Here is a slightly out of order narrative of our Copper Canyon trip with some scattered advice. And, yes, it has a well-deserved place on the 1000 Places list!
We got on the Ferrocarril Chihuahua al Pacifico train in Cuauhtémoc and took it through the canyon for 11 hours to El Fuerte. A couple of notes… you can not buy tickets at the Cuauhtémoc train station (at least not when we were there) so you have to either get on in Chihuahua (or Los Mochis on the west) or risk that you won’t get a seat. There was plenty of room on the train but, during the busy season there might not be. We paid on the train and the conductor “forgot” to bring us change but my Spanish-speaking hubby tracked him down and got it. Tickets are not cheap. It cost us about $200 US to go from Cuauhtémoc to El Fuerte and $130 US from El Fuerte to Creel. When going East sit on the Right side of the train. When going West sit on the Left side of the train for the best views.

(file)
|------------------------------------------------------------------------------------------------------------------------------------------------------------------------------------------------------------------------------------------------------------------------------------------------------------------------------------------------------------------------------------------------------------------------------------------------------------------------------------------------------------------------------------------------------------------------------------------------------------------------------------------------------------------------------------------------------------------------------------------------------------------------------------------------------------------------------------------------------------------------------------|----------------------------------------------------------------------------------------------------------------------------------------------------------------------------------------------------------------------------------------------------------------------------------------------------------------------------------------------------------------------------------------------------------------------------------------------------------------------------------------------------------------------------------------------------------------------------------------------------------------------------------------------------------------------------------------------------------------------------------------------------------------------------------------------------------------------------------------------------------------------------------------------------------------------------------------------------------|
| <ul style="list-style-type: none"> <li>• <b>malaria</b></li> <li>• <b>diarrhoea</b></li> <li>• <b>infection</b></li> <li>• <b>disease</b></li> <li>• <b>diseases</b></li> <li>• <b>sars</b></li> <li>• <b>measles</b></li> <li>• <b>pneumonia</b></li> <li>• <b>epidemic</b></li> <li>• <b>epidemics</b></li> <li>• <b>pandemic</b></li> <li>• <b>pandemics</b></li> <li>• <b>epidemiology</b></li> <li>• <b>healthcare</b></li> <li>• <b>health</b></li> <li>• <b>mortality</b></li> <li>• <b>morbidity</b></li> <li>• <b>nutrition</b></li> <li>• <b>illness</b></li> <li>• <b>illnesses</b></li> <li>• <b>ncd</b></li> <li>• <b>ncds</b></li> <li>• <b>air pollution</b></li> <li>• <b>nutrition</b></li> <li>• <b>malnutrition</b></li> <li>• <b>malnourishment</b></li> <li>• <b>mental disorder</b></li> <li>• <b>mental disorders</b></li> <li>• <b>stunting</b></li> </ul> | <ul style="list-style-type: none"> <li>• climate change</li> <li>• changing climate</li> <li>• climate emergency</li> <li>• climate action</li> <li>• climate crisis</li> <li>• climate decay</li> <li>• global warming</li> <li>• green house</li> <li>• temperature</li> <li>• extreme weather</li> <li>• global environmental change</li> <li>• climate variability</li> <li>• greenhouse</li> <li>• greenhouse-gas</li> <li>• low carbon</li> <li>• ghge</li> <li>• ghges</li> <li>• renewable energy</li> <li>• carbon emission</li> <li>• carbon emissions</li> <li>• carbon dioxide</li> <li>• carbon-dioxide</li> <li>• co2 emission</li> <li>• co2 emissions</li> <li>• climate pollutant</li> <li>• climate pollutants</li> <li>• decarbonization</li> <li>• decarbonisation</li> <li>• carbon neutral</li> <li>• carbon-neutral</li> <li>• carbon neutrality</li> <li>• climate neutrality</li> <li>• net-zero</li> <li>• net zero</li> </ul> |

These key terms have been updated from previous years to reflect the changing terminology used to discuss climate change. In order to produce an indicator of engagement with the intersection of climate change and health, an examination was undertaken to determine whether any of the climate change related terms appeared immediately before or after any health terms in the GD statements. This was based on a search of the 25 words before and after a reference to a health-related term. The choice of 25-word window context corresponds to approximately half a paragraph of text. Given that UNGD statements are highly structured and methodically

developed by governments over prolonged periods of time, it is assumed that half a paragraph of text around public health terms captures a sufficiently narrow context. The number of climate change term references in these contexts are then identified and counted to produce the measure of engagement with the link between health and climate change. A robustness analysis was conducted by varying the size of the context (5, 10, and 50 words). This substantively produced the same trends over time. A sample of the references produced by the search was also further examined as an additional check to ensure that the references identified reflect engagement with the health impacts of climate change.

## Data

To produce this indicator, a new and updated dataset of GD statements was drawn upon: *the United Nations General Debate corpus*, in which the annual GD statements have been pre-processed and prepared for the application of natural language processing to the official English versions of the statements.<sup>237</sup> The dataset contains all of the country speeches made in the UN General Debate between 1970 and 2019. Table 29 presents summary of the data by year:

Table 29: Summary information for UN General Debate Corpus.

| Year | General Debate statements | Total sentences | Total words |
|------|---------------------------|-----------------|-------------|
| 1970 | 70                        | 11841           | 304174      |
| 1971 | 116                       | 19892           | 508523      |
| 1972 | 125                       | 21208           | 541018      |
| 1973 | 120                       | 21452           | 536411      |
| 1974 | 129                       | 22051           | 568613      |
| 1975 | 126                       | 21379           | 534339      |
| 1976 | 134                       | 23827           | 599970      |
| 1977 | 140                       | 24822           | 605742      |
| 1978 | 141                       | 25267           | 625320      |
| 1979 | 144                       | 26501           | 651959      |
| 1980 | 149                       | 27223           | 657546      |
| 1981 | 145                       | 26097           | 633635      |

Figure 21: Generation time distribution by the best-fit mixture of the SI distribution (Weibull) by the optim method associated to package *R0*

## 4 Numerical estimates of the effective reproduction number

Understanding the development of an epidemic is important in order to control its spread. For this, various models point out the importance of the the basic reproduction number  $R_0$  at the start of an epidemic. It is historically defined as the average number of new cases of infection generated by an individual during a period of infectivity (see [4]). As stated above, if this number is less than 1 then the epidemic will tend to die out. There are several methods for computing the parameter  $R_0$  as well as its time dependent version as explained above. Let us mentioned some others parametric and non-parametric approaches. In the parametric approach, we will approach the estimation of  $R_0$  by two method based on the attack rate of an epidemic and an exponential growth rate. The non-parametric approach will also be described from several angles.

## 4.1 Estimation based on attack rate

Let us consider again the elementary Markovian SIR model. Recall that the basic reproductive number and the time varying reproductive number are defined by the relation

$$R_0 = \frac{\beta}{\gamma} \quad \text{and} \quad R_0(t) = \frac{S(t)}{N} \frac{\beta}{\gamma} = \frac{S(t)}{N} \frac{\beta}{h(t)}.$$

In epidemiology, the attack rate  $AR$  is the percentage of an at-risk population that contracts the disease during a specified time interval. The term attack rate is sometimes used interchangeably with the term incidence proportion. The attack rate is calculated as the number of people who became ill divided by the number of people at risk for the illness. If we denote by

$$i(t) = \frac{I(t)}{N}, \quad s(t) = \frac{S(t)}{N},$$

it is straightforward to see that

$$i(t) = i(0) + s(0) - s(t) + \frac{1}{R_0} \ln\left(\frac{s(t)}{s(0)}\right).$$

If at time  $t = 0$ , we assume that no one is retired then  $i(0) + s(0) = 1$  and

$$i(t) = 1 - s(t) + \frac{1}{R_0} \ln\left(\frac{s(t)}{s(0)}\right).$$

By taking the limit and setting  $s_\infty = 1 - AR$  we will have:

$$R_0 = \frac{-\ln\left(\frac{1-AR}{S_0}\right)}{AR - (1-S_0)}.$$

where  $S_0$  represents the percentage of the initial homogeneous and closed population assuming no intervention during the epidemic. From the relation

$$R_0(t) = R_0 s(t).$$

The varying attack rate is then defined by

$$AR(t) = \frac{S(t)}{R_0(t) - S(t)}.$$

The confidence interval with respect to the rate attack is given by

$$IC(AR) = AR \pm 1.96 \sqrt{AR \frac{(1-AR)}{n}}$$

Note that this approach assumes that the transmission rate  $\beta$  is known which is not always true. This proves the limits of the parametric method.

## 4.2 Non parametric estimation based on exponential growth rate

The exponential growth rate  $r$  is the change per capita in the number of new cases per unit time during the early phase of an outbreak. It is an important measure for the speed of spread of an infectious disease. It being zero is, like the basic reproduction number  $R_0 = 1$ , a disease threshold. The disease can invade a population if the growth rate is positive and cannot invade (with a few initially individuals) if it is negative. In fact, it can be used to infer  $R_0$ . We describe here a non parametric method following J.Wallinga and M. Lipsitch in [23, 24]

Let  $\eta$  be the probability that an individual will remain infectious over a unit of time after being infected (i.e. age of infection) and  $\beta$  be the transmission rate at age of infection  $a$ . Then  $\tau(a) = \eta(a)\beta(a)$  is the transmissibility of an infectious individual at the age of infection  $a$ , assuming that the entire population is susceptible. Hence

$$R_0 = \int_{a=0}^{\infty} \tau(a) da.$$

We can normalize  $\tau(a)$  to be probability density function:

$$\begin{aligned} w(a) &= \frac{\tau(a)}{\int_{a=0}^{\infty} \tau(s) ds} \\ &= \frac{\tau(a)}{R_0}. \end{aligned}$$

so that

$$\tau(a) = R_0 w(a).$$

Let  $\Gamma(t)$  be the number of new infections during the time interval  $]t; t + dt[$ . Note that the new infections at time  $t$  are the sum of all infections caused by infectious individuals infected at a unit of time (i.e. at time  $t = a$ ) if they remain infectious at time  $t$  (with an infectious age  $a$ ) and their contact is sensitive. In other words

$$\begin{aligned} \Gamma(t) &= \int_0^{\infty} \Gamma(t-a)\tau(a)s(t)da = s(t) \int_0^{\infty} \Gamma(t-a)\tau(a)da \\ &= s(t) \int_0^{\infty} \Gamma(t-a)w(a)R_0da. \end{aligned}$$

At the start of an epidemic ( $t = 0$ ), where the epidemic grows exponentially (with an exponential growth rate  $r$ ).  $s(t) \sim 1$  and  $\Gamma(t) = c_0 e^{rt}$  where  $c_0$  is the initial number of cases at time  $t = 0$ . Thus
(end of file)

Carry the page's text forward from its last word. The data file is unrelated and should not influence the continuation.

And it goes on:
The El Fuerte train station is about a mile outside of town so we got in a taxi with two other tourists. We arrived after dark. It was a little nerve-wracking because as we were driving past a corn field some guy stepped out of a corn field and tried to flag down our taxi. I could tell the taxi driver was nervous as he swerved and sped around him. That put both of us on edge right away. In El Fuerte, we spent the night in a 200-year-old hacienda called Posada Don Porfirio, which cost about $400 pesos ($38 US). The room was nice with a private bathroom and very high ceilings – about 14 feet – giving it an open feeling. We arrived late at night so felt a little uneasy about the group of men huddled in the courtyard but when we awoke the next morning and the owner gave us a tour of the beautiful gardens, we realized it was just nerves. (We asked some of the passengers on our train where they stayed and they recommended Hotel La Choza, El Fuerte and the Rio Vista Lodge. We had called some of these places and they were full… probably booked up by these tour groups. The Posada San Francisco looked nice on the outside when we drove by.)